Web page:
ST. GEORGE – In the wake of the looting of a prehistoric Native American village near Beaver Dam, Arizona, land managers are asking the public’s help in protecting the wide variety of cultural resources located on the Arizona Strip.
The looting case has prompted Bureau of Land Management to ask for increased awareness of the role the public can play in preserving archeological resources for present and future generations of Americans, BLM Arizona Strip District spokeswoman Rachel Carnahan said.
The looted site near Beaver Dam is a large village covering the entire top of a bluff and containing subsurface pit houses, petroglyph rock art, pictographs, grinding mortars, cooking features, artifact middens and human burials.
Part of the site had been investigated by archaeologists in the 1960s during the construction of the Interstate 15 Highway.
Damage and looting at the site was first found in 2011 during a fiber-optic subsurface cable installation and continued for the next three years.
The BLM began an investigation and eventually identified half a dozen individuals involved in looting and damaging the site as well as selling Native American artifacts.
After obtaining a search warrant for a residence in Beaver Dam, investigators incidentally uncovered a methamphetamine distribution ring in addition to looted Native American artifacts.
Two people were ultimately charged and prosecuted for archaeological resource crimes and related drug activities.
Tara Melissa Craft of Beaver Dam, Arizona, pleaded guilty in December in U.S. District Court, District of Arizona, to unlawful removal of archaeological resources.
Court documents state that 20 pieces of pottery collected from the archaeological site and a sifting screen were found in plain sight at Craft’s house.
After obtaining a federal search warrant, a total of 181 artifacts were found at the residence, along with shovels, books and notepads, court documents state. Marijuana was found on Craft’s person and methamphetamine was found in the house.
Craft pleaded guilty to one count of the unlawful removal of archaeological resources, a Class A misdemeanor. She was sentenced to one year’s probation and ordered to pay $2,000 in restitution.
Craft was also banned from BLM land in Utah, Nevada and Arizona with the exception of travel on federal, state or local highways or roads.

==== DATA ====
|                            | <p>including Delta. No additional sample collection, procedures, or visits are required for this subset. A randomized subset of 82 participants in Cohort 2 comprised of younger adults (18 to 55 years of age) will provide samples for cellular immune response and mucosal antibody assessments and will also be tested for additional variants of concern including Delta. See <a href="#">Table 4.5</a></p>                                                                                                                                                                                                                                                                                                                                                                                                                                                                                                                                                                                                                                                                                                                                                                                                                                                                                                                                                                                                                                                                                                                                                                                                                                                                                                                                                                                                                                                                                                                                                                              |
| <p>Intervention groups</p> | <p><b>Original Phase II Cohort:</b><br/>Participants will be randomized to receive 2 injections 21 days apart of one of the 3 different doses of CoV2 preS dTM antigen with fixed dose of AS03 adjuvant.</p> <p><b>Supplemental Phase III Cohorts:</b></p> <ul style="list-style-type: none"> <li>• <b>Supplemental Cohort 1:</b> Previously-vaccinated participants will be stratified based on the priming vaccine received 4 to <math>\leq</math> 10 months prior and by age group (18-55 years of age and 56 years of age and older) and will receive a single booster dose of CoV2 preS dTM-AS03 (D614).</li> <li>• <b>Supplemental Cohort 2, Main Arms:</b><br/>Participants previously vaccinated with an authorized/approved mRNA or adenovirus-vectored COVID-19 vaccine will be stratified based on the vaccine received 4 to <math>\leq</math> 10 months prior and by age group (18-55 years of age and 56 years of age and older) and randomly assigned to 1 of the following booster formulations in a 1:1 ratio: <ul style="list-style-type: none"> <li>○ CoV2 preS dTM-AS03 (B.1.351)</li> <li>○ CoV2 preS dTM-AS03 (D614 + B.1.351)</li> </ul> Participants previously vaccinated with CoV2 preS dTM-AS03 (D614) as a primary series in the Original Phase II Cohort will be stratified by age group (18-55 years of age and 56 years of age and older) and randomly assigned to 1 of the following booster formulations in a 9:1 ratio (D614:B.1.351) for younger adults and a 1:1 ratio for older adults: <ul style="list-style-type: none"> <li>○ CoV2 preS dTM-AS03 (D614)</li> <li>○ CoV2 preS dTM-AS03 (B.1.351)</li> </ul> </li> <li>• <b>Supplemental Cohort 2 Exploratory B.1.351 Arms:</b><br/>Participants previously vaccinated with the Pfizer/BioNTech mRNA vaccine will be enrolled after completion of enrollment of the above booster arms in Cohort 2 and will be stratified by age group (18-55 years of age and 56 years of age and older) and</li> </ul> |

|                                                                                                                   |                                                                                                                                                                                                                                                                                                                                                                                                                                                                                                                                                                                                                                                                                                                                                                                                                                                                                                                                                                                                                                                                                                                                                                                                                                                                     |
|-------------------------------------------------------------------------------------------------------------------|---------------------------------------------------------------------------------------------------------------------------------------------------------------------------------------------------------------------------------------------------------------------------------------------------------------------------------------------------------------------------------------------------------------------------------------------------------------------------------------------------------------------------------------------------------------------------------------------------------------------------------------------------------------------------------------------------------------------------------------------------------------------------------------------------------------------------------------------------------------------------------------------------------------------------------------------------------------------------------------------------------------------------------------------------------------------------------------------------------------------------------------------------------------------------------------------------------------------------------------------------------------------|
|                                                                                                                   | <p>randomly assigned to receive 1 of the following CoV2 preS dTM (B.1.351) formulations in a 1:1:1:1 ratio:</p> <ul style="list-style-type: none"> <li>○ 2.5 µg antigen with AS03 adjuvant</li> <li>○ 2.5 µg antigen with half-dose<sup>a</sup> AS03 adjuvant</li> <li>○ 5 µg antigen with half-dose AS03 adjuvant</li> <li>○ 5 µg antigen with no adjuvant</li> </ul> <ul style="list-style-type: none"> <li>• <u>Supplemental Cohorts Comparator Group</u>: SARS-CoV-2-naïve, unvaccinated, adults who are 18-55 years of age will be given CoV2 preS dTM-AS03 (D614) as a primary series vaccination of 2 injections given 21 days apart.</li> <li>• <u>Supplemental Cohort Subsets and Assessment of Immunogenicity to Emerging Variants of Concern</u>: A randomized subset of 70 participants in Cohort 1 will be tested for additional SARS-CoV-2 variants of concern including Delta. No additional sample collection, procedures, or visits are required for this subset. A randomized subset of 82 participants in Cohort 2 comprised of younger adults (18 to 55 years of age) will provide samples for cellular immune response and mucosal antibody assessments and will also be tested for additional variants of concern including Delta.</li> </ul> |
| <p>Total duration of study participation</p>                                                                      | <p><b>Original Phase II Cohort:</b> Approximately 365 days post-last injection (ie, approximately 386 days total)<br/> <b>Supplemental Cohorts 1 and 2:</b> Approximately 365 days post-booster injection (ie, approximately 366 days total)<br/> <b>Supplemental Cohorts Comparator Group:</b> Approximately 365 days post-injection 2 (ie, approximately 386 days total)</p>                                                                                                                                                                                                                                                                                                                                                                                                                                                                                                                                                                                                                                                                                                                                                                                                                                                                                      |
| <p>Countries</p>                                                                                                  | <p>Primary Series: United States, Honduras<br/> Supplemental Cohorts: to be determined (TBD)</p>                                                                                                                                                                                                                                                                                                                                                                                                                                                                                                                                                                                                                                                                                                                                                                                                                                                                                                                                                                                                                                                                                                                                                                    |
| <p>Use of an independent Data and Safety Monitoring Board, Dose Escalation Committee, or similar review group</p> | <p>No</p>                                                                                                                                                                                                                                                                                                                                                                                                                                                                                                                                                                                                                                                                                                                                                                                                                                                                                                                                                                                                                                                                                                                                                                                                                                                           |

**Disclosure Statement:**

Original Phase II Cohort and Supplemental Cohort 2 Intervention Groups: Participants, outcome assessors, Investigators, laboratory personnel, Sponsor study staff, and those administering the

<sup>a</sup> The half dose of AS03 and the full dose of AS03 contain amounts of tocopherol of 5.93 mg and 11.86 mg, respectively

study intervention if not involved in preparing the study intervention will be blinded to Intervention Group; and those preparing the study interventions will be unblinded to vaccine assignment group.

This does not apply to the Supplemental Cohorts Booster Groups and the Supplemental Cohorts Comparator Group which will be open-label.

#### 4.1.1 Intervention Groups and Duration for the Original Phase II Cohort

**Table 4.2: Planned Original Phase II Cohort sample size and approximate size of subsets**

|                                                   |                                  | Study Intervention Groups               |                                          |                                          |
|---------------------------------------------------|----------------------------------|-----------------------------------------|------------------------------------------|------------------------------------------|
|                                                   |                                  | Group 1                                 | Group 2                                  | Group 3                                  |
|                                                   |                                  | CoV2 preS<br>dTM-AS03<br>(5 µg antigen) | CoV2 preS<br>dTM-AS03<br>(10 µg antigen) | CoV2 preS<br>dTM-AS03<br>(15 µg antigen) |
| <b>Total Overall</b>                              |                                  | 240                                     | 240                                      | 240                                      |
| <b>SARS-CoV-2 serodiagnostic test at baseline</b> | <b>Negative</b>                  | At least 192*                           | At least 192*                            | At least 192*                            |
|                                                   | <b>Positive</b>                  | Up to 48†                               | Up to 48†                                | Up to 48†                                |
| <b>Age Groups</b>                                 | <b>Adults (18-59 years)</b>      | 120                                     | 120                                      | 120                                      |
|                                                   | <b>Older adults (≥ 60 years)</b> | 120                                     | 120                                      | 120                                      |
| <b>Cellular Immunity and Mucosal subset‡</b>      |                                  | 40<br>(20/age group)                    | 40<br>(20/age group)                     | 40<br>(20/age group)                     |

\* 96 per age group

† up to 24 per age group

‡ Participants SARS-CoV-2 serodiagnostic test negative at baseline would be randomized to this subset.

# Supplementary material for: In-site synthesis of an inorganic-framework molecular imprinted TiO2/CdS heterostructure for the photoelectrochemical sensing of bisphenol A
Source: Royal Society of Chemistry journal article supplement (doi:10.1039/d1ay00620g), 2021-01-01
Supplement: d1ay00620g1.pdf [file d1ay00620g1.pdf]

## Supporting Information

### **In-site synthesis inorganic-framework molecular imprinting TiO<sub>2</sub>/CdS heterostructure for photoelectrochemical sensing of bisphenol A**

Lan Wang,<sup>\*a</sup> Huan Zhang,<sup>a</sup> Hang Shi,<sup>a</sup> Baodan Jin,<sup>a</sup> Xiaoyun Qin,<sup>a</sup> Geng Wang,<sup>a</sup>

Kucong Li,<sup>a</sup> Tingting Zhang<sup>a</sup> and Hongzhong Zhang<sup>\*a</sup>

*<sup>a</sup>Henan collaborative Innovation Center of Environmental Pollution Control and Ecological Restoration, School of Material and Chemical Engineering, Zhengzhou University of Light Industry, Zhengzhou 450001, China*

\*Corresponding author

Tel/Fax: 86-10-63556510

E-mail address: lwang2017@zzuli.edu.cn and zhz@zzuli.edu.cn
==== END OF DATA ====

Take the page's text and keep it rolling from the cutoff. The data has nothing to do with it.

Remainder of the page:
Matthew Branden Doyle pleaded guilty in federal court in December to one Class A misdemeanor for possession of methamphetamine; he was placed on probation for two years.
Protecting the past
Although the impacts to the Beaver Dam site totaled more than $4,000 in damages, Carnahan said, the long-term impacts are greater for the public and Native American tribes who hold these sites sacred.
In addition to its scientific value, this site is of archaeological interest for its potential to provide an understanding of past human behavior.
Oral histories of American Indian groups including the Paiute and Pueblo peoples tell of their prehistoric migration and occupation of the Arizona and Utah areas, and the significance of the Grand Canyon area to their cultural and religious beliefs, Carnahan said.
Archaeological sites and other areas that were blessed and actively visited by their Native American ancestors are considered sacred to this day, Carnahan said.
For many Native Americans the disturbance of these places is considered religious sacrilege comparable to the vandalism of churches and the illegal looting of consecrated graveyards, she said.
The 1976 Federal Land Policy and Management Act recognized the need for BLM law enforcement to provide for public safety and protect resources on the nation’s public lands, Carnahan said. Rangers, special agents and archaeologists work together to monitor and protect historic and prehistoric sites in partnership with state and local law enforcement agencies.
“Whether it be an old ranch or school house, a pioneer trail or American Indian granary, each cultural site is significant and valuable to all Americans in linking us to past generations,” she said.
Vandalism and looting desecrates and devalues American Indian sites, which tribes consider sacred, Carnahan said.
“These are places where rock writings, artifacts and structures should be honored for their sacred and historic values so others may enjoy them for years to come.”
The Archaeological Resources Protection Act of 1979 protects cultural resource items and makes collecting, buying or selling items from public lands illegal.
The Arizona Strip contains a wealth of cultural resources that are important to understanding both recorded history and prehistory, Carnahan said.
So far, 5,900 cultural sites have been identified on the 195,000 acres that have been inventoried for cultural resources.
How to help
The public is encouraged to report vandalism, dumping and other suspicious activities on public lands by calling 1-800-637-9152, 24 hours a day, seven days a week.
To learn more about protecting public lands, see Tread Lightly’s Respect and Protect program webpage.
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